The Business of the NCAA Tournament


To me, this is the best time of year. All of those small schools punching their tickets to the NCAA Men’s Basketball Tournament. We see student bodies rush the court upon winning their Conference Tournaments excited to make the Big Dance! We know that for the most part, a lot of these small conference winners are just fodder for the big boys!

Yes, there are upsets, and those teams become the toast of whatever site they happen to be playing at. Which brings me to the subject of this blog post. Mick Cronin made quite the flap earlier this week when he suggested in a Cincinnati Enquirer article that teams are placed at certain sites to sell tickets. The NCAA has come out and refuted this assertion (would you expect anything less). In my opinion Coach Cronin is 100% correct.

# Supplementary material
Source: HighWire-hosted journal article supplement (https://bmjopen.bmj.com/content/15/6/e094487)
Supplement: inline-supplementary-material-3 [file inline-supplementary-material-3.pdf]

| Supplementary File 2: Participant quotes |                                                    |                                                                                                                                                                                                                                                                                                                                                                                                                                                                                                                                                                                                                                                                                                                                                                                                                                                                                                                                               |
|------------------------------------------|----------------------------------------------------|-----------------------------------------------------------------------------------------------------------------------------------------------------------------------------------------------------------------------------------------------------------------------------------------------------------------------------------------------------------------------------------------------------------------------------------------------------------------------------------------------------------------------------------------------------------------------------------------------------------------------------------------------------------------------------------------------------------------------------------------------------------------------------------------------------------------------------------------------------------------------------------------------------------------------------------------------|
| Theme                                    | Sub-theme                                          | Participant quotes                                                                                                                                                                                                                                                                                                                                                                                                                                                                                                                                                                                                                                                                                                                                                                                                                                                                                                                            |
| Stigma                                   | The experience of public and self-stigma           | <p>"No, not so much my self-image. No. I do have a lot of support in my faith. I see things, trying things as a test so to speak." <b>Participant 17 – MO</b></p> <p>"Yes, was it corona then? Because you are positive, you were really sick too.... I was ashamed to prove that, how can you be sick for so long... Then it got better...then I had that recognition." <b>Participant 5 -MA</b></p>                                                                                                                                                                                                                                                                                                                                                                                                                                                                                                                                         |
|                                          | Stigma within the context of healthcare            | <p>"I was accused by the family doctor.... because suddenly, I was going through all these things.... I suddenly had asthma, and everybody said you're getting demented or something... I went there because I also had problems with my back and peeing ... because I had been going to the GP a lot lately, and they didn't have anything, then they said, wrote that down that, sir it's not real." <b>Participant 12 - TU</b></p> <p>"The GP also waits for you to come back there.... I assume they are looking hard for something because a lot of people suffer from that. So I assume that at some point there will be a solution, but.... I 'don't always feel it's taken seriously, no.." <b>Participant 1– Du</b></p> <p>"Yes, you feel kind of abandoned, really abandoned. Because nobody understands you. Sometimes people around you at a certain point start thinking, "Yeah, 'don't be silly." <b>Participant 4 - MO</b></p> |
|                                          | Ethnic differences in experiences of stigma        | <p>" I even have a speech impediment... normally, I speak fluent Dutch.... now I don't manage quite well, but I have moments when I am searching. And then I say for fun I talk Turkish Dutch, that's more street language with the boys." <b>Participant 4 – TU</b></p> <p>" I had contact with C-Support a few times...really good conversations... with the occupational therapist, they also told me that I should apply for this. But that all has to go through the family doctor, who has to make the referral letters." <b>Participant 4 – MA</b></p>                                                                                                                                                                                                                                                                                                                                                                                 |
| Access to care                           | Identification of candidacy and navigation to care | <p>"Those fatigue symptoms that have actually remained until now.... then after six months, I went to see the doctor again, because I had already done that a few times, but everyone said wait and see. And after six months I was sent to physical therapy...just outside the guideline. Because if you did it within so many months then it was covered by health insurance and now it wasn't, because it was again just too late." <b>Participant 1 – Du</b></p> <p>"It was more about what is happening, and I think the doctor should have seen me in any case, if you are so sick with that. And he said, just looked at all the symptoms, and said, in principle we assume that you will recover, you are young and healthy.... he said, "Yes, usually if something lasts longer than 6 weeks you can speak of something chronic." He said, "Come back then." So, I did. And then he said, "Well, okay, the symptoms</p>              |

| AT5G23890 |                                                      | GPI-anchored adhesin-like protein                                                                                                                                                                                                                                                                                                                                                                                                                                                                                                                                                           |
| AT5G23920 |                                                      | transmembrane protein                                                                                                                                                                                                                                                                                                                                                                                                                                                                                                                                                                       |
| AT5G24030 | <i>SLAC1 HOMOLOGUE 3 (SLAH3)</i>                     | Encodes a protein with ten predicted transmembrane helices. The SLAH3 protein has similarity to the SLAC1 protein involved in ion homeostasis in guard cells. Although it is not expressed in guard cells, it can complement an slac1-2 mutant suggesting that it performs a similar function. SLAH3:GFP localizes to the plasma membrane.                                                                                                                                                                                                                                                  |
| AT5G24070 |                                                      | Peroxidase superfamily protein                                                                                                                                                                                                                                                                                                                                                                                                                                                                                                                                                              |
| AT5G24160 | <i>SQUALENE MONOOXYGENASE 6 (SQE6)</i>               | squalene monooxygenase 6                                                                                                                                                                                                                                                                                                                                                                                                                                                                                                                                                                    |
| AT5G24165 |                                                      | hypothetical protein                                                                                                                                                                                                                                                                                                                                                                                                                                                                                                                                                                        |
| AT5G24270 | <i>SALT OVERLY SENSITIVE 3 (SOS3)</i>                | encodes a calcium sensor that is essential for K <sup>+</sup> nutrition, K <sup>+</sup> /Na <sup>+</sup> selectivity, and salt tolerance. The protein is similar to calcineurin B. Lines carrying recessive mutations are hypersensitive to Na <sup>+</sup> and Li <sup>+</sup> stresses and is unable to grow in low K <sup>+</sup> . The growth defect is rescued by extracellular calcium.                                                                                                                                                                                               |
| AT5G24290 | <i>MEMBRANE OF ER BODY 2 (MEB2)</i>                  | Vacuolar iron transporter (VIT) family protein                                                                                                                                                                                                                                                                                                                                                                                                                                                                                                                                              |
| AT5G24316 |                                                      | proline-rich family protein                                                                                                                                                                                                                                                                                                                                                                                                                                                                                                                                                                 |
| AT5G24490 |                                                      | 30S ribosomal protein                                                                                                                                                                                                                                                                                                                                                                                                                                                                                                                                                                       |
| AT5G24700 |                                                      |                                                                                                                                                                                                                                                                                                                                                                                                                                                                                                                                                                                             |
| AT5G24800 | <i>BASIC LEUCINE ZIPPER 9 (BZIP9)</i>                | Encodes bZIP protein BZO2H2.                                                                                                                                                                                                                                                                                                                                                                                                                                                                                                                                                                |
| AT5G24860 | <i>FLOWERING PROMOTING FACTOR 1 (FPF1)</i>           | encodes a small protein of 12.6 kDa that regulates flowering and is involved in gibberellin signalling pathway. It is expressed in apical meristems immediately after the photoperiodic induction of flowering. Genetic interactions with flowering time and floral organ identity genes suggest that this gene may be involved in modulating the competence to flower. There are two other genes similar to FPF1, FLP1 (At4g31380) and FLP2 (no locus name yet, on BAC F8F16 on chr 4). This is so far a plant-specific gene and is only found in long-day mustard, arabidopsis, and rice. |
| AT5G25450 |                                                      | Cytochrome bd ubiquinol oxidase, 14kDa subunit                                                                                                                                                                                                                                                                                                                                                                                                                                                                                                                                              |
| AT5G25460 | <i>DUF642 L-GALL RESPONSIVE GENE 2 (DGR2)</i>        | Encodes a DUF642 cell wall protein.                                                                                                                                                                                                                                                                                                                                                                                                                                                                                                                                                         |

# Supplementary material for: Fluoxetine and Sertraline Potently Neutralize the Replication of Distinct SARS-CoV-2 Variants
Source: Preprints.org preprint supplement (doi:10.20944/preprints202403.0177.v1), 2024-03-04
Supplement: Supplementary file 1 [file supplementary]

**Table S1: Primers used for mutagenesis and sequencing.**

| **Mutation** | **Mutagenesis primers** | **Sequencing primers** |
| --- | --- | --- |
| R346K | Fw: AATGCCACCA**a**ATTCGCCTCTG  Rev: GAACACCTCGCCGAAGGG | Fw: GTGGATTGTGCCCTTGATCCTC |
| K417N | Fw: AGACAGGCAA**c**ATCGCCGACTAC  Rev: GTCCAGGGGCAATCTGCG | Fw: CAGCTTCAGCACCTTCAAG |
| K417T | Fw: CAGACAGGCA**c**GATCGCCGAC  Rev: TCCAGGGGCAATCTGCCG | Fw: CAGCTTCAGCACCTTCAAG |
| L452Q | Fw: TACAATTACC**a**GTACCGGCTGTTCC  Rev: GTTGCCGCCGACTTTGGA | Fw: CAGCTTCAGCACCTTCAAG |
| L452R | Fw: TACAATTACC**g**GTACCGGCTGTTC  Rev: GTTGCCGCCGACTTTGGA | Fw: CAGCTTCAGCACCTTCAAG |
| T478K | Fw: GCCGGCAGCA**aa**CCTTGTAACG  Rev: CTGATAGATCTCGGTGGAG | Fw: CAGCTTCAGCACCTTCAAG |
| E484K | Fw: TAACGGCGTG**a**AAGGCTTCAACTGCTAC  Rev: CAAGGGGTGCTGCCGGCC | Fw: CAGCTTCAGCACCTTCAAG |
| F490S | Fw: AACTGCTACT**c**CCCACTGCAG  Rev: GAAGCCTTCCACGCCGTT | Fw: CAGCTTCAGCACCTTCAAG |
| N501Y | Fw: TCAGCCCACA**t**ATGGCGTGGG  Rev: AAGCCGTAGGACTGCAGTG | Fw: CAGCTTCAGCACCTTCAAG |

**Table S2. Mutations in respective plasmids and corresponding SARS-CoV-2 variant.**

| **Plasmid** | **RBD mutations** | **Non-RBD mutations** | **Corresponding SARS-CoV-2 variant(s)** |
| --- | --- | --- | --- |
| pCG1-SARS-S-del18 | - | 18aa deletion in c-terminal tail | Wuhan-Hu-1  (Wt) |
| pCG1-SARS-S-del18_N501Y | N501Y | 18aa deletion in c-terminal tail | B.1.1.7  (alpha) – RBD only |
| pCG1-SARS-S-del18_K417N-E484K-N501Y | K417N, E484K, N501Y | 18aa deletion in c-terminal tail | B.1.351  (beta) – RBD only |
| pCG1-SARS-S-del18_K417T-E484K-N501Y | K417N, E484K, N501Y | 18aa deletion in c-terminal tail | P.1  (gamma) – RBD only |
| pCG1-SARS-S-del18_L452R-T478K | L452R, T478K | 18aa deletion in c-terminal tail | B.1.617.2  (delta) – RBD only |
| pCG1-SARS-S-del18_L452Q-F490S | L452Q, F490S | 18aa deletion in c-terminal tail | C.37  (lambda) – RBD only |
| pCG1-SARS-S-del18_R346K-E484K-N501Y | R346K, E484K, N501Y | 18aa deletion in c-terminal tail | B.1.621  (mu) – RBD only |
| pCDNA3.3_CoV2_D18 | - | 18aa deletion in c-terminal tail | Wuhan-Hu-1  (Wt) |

Let me say that again, I am okay with the NCAA selection committee placing teams closer to their campuses and fan bases so they can sell tickets! In 2002 the NCAA went to the “pod” system. This system meant that, according to Teamrankings.com, “sub-regionals should be free to choose the site most convenient to the highest seeds.” The NCAA Selection Principals section III, paragraph 9 states:
“To recognize the demonstrated quality of such teams, the committee shall not place teams seeded on the first 5 lines at a potential “home-crowd disadvantage” in the second round.”

You can read into this statement whatever you would like. I read into it the following, let’s send teams closer to their campuses and fan bases to improve attendance and generate revenue. Again, the NCAA is a business, they maximize the revenue potential at every turn. This is why Mick Cronin is correct, and I don’t see anything wrong with it (except the percentage that the players receive, or not receive, which is a whole other conversation).

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